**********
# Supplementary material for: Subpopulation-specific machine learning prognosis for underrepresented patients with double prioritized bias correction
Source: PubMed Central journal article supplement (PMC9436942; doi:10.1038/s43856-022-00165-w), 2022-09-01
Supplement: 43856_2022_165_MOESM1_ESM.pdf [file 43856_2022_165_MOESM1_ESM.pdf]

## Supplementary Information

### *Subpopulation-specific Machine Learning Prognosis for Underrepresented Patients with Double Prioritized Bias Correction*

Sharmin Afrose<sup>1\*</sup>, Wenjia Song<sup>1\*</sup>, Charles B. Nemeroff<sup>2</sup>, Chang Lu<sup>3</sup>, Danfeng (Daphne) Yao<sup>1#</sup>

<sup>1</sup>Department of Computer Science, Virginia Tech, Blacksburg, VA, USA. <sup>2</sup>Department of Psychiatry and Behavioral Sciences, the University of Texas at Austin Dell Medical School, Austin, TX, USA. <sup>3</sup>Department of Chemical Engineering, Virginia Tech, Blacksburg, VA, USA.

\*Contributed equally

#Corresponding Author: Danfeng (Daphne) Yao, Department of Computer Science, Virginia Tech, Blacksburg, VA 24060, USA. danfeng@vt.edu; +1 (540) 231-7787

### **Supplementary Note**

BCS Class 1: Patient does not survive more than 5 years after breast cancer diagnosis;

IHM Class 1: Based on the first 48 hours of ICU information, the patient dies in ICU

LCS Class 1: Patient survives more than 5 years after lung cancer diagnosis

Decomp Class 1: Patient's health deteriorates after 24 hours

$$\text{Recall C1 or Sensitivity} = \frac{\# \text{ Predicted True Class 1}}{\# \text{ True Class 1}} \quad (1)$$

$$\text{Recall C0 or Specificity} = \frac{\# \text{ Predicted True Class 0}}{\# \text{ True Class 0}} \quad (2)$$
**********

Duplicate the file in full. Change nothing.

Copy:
# Supplementary material for: Subpopulation-specific machine learning prognosis for underrepresented patients with double prioritized bias correction
Source: PubMed Central journal article supplement (PMC9436942; doi:10.1038/s43856-022-00165-w), 2022-09-01
Supplement: 43856_2022_165_MOESM1_ESM.pdf [file 43856_2022_165_MOESM1_ESM.pdf]

## Supplementary Information

### *Subpopulation-specific Machine Learning Prognosis for Underrepresented Patients with Double Prioritized Bias Correction*

Sharmin Afrose<sup>1\*</sup>, Wenjia Song<sup>1\*</sup>, Charles B. Nemeroff<sup>2</sup>, Chang Lu<sup>3</sup>, Danfeng (Daphne) Yao<sup>1#</sup>

<sup>1</sup>Department of Computer Science, Virginia Tech, Blacksburg, VA, USA. <sup>2</sup>Department of Psychiatry and Behavioral Sciences, the University of Texas at Austin Dell Medical School, Austin, TX, USA. <sup>3</sup>Department of Chemical Engineering, Virginia Tech, Blacksburg, VA, USA.

\*Contributed equally

#Corresponding Author: Danfeng (Daphne) Yao, Department of Computer Science, Virginia Tech, Blacksburg, VA 24060, USA. danfeng@vt.edu; +1 (540) 231-7787

### **Supplementary Note**

BCS Class 1: Patient does not survive more than 5 years after breast cancer diagnosis;

IHM Class 1: Based on the first 48 hours of ICU information, the patient dies in ICU

LCS Class 1: Patient survives more than 5 years after lung cancer diagnosis

Decomp Class 1: Patient's health deteriorates after 24 hours

$$\text{Recall C1 or Sensitivity} = \frac{\# \text{ Predicted True Class 1}}{\# \text{ True Class 1}} \quad (1)$$

$$\text{Recall C0 or Specificity} = \frac{\# \text{ Predicted True Class 0}}{\# \text{ True Class 0}} \quad (2)$$